Patient Safety: HHS Has Taken Steps to Address Unsafe Injection Practices, but More Action Is Needed
What GAO Found
Data on the extent and cost of blood-borne pathogen outbreaks related to unsafe injection practices in ambulatory care settings are limited and likely underestimate the full extent of such outbreaks. An agency within the Department of Health and Human Services (HHS), the Centers for Disease Control and Prevention (CDC), collects data on outbreaks identified by state and local health departments. These data show that from 2001 through 2011, there were at least 18 outbreaks of viral hepatitis associated with unsafe injection practices in ambulatory settings, such as physician offices or ambulatory surgical centers (ASC). CDC officials and others believe that the known outbreaks do not represent the full extent of such outbreaks for a number of reasons, such as infections often being difficult to detect and trace to specific health care facilities. Additionally, comprehensive data on the cost of blood-borne pathogen outbreaks to the health care system do not exist, but CDC and other officials believe these costs can be substantial for those affected. For example, individuals may face treatment costs and health departments may face costs for investigating and notifying patients of potential exposure to infection.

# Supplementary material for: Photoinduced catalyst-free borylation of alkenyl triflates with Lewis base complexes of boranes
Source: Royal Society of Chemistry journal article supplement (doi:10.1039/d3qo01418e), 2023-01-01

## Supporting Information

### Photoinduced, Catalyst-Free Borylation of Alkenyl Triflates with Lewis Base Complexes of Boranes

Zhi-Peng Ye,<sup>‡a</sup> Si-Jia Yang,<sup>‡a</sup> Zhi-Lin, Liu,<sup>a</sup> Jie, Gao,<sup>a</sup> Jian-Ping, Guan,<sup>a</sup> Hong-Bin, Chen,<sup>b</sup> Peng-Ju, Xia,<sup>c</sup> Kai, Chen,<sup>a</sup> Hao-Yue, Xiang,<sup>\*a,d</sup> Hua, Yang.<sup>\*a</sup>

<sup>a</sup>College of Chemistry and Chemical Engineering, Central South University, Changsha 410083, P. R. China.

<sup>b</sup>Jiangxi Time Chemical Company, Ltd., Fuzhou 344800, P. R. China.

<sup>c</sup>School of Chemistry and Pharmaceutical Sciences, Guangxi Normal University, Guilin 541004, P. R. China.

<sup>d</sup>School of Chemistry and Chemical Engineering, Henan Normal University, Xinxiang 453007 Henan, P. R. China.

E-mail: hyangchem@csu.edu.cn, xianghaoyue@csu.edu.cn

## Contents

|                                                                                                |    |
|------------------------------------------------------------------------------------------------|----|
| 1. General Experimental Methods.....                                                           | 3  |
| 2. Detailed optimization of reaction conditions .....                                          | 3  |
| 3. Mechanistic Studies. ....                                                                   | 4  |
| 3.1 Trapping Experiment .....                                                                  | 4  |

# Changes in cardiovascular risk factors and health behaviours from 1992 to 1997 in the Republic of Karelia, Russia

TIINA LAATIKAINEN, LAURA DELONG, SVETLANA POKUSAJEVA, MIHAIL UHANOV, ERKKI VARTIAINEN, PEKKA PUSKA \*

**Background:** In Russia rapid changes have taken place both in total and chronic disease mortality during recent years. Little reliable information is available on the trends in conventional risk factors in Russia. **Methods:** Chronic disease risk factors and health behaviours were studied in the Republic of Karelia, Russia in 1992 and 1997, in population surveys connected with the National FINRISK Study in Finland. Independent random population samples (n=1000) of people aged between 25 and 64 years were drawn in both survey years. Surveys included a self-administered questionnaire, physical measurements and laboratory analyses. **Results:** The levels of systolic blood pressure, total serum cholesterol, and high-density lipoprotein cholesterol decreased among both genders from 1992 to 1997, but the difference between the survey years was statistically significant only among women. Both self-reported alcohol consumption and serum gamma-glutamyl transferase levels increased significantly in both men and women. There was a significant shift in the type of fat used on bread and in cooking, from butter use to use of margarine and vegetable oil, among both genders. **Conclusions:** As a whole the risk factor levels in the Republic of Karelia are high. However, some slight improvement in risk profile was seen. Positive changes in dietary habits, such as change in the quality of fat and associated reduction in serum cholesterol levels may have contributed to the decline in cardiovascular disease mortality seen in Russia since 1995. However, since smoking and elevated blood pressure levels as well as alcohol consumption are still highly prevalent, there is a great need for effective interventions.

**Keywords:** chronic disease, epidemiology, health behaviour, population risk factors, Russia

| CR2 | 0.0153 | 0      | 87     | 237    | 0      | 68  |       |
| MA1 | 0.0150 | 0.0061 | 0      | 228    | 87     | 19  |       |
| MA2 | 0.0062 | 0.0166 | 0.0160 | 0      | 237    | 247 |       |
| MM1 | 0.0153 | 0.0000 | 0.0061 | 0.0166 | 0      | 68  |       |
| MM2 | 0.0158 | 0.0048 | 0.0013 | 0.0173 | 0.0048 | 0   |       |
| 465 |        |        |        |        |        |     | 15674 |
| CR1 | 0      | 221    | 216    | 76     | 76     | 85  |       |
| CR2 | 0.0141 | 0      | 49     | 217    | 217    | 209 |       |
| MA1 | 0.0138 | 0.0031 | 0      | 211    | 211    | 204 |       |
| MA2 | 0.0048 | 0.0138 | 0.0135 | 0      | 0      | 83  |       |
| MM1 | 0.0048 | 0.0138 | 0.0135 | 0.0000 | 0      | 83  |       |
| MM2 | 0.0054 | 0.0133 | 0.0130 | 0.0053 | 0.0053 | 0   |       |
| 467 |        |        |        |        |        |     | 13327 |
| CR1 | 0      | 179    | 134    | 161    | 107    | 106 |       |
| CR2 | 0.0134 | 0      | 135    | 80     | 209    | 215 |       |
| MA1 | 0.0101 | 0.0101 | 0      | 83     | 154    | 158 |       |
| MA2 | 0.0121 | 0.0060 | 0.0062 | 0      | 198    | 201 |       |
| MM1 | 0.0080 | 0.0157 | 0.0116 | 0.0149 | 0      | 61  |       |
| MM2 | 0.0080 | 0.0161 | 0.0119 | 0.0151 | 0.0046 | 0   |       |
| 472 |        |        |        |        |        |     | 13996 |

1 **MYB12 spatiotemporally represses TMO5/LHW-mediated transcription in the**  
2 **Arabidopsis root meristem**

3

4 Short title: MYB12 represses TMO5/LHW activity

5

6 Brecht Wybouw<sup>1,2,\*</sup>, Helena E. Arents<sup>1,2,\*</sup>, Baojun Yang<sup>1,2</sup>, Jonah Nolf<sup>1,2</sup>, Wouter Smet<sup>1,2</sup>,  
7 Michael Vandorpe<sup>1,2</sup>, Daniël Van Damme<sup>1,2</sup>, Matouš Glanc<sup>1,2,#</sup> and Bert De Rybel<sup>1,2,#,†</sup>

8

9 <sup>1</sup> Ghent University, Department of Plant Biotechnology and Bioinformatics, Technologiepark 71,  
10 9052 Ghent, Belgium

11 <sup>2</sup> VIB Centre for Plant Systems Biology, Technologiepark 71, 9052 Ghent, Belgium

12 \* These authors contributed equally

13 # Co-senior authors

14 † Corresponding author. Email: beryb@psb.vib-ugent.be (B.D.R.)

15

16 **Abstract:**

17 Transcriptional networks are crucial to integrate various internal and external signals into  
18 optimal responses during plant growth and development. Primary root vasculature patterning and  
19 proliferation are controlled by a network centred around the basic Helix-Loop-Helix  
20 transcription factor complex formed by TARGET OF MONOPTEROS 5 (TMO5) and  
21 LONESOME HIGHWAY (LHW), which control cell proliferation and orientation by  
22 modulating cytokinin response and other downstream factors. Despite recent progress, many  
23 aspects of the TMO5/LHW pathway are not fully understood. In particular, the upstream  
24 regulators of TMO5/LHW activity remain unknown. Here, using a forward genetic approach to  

Another HHS agency, the Centers for Medicare & Medicaid Services (CMS), has expanded its oversight of unsafe injection practices in ASCs since 2009 by requiring surveyors who inspect these facilities to use its Infection Control Surveyor Worksheet to document the extent to which ASCs are following safe injection practices and to survey more facilities to determine compliance with CMS's health and safety standards. Safe injection practices are included under several of CMS's broader health and safety standards that also address a number of other topics related to infection control and medication administration. As part of implementing the expanded oversight of ASCs, CMS collected and plans to analyze detailed information from these surveyor worksheets for fiscal years 2010 and 2011. This information will be used to assess CMS's oversight efforts to improve infection control and also allow CDC--with which CMS shared its data--to determine a baseline assessment of the extent of unsafe injection practices in ASCs nationally. However, in part because of concerns that collecting these data is a burden to surveyors, CMS officials said the agency stopped collecting data from surveyor worksheets after fiscal year 2011. Without some form of continued collection and analysis of injection safety data, CMS will lose its capacity to oversee how well surveyors monitor unsafe injection practices, and CDC will be unable to determine the extent of these practices.